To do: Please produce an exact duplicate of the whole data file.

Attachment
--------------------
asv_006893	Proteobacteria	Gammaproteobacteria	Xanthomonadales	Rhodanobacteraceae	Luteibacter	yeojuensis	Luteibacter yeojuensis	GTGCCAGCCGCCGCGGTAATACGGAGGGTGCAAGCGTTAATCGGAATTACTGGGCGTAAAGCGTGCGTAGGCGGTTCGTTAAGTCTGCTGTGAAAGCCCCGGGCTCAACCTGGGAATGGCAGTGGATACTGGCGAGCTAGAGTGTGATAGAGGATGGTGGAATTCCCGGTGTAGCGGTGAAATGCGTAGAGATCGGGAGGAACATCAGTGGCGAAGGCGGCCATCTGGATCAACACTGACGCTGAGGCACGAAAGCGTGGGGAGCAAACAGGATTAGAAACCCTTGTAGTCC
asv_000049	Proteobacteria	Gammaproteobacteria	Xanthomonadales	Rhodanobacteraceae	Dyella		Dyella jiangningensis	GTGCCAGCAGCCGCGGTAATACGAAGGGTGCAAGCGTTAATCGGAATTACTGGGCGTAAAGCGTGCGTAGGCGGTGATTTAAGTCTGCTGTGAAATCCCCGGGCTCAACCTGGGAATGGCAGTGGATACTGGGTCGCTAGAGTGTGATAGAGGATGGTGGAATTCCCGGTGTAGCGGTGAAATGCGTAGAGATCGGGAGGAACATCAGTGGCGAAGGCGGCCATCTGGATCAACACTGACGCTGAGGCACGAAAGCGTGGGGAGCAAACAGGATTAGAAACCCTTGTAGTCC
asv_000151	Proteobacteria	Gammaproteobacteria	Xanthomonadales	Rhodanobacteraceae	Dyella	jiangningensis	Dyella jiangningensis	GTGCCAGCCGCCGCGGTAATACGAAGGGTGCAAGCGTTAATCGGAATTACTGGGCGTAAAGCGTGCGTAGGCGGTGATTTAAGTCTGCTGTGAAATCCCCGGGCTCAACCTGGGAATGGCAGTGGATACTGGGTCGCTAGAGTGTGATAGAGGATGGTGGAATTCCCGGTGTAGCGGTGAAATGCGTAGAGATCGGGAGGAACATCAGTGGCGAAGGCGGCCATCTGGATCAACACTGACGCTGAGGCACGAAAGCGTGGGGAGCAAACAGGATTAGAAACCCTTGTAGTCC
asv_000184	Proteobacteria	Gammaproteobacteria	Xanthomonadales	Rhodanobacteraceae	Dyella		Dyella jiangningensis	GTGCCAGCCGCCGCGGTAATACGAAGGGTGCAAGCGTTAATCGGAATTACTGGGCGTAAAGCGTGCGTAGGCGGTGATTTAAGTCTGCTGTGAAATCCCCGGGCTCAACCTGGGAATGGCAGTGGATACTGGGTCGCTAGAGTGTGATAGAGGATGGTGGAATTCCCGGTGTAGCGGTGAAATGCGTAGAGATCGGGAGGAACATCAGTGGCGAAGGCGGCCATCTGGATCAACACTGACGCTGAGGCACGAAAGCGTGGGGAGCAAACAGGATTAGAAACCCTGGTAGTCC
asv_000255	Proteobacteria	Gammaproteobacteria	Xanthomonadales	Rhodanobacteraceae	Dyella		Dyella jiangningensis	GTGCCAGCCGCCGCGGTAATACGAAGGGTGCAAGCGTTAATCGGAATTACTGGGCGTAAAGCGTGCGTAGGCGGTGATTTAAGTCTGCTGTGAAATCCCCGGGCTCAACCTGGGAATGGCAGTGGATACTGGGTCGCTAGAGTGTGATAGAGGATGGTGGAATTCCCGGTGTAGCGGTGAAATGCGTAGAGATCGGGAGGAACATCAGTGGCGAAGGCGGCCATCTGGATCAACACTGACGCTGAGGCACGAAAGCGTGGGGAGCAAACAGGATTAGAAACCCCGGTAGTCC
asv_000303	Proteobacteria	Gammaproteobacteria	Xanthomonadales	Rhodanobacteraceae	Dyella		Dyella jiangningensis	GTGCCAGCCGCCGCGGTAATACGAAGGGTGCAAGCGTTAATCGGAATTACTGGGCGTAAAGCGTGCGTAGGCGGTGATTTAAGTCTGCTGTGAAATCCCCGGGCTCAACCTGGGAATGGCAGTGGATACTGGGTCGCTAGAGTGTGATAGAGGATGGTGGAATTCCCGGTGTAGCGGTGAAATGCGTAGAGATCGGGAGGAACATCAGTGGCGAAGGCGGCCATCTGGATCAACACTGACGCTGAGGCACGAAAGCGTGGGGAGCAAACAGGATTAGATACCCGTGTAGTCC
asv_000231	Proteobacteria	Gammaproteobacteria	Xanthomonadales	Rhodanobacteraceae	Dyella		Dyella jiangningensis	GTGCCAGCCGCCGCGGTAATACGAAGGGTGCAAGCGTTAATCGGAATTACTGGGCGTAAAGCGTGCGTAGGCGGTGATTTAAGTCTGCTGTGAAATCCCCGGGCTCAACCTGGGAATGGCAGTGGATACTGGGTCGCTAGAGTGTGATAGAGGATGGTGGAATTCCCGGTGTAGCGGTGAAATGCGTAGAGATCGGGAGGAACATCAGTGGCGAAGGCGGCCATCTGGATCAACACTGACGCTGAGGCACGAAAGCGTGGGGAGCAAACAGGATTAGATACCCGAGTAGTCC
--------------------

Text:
asv_006893	Proteobacteria	Gammaproteobacteria	Xanthomonadales	Rhodanobacteraceae	Luteibacter	yeojuensis	Luteibacter yeojuensis	GTGCCAGCCGCCGCGGTAATACGGAGGGTGCAAGCGTTAATCGGAATTACTGGGCGTAAAGCGTGCGTAGGCGGTTCGTTAAGTCTGCTGTGAAAGCCCCGGGCTCAACCTGGGAATGGCAGTGGATACTGGCGAGCTAGAGTGTGATAGAGGATGGTGGAATTCCCGGTGTAGCGGTGAAATGCGTAGAGATCGGGAGGAACATCAGTGGCGAAGGCGGCCATCTGGATCAACACTGACGCTGAGGCACGAAAGCGTGGGGAGCAAACAGGATTAGAAACCCTTGTAGTCC
asv_000049	Proteobacteria	Gammaproteobacteria	Xanthomonadales	Rhodanobacteraceae	Dyella		Dyella jiangningensis	GTGCCAGCAGCCGCGGTAATACGAAGGGTGCAAGCGTTAATCGGAATTACTGGGCGTAAAGCGTGCGTAGGCGGTGATTTAAGTCTGCTGTGAAATCCCCGGGCTCAACCTGGGAATGGCAGTGGATACTGGGTCGCTAGAGTGTGATAGAGGATGGTGGAATTCCCGGTGTAGCGGTGAAATGCGTAGAGATCGGGAGGAACATCAGTGGCGAAGGCGGCCATCTGGATCAACACTGACGCTGAGGCACGAAAGCGTGGGGAGCAAACAGGATTAGAAACCCTTGTAGTCC
asv_000151	Proteobacteria	Gammaproteobacteria	Xanthomonadales	Rhodanobacteraceae	Dyella	jiangningensis	Dyella jiangningensis	GTGCCAGCCGCCGCGGTAATACGAAGGGTGCAAGCGTTAATCGGAATTACTGGGCGTAAAGCGTGCGTAGGCGGTGATTTAAGTCTGCTGTGAAATCCCCGGGCTCAACCTGGGAATGGCAGTGGATACTGGGTCGCTAGAGTGTGATAGAGGATGGTGGAATTCCCGGTGTAGCGGTGAAATGCGTAGAGATCGGGAGGAACATCAGTGGCGAAGGCGGCCATCTGGATCAACACTGACGCTGAGGCACGAAAGCGTGGGGAGCAAACAGGATTAGAAACCCTTGTAGTCC
asv_000184	Proteobacteria	Gammaproteobacteria	Xanthomonadales	Rhodanobacteraceae	Dyella		Dyella jiangningensis	GTGCCAGCCGCCGCGGTAATACGAAGGGTGCAAGCGTTAATCGGAATTACTGGGCGTAAAGCGTGCGTAGGCGGTGATTTAAGTCTGCTGTGAAATCCCCGGGCTCAACCTGGGAATGGCAGTGGATACTGGGTCGCTAGAGTGTGATAGAGGATGGTGGAATTCCCGGTGTAGCGGTGAAATGCGTAGAGATCGGGAGGAACATCAGTGGCGAAGGCGGCCATCTGGATCAACACTGACGCTGAGGCACGAAAGCGTGGGGAGCAAACAGGATTAGAAACCCTGGTAGTCC
asv_000255	Proteobacteria	Gammaproteobacteria	Xanthomonadales	Rhodanobacteraceae	Dyella		Dyella jiangningensis	GTGCCAGCCGCCGCGGTAATACGAAGGGTGCAAGCGTTAATCGGAATTACTGGGCGTAAAGCGTGCGTAGGCGGTGATTTAAGTCTGCTGTGAAATCCCCGGGCTCAACCTGGGAATGGCAGTGGATACTGGGTCGCTAGAGTGTGATAGAGGATGGTGGAATTCCCGGTGTAGCGGTGAAATGCGTAGAGATCGGGAGGAACATCAGTGGCGAAGGCGGCCATCTGGATCAACACTGACGCTGAGGCACGAAAGCGTGGGGAGCAAACAGGATTAGAAACCCCGGTAGTCC
asv_000303	Proteobacteria	Gammaproteobacteria	Xanthomonadales	Rhodanobacteraceae	Dyella		Dyella jiangningensis	GTGCCAGCCGCCGCGGTAATACGAAGGGTGCAAGCGTTAATCGGAATTACTGGGCGTAAAGCGTGCGTAGGCGGTGATTTAAGTCTGCTGTGAAATCCCCGGGCTCAACCTGGGAATGGCAGTGGATACTGGGTCGCTAGAGTGTGATAGAGGATGGTGGAATTCCCGGTGTAGCGGTGAAATGCGTAGAGATCGGGAGGAACATCAGTGGCGAAGGCGGCCATCTGGATCAACACTGACGCTGAGGCACGAAAGCGTGGGGAGCAAACAGGATTAGATACCCGTGTAGTCC
asv_000231	Proteobacteria	Gammaproteobacteria	Xanthomonadales	Rhodanobacteraceae	Dyella		Dyella jiangningensis	GTGCCAGCCGCCGCGGTAATACGAAGGGTGCAAGCGTTAATCGGAATTACTGGGCGTAAAGCGTGCGTAGGCGGTGATTTAAGTCTGCTGTGAAATCCCCGGGCTCAACCTGGGAATGGCAGTGGATACTGGGTCGCTAGAGTGTGATAGAGGATGGTGGAATTCCCGGTGTAGCGGTGAAATGCGTAGAGATCGGGAGGAACATCAGTGGCGAAGGCGGCCATCTGGATCAACACTGACGCTGAGGCACGAAAGCGTGGGGAGCAAACAGGATTAGATACCCGAGTAGTCC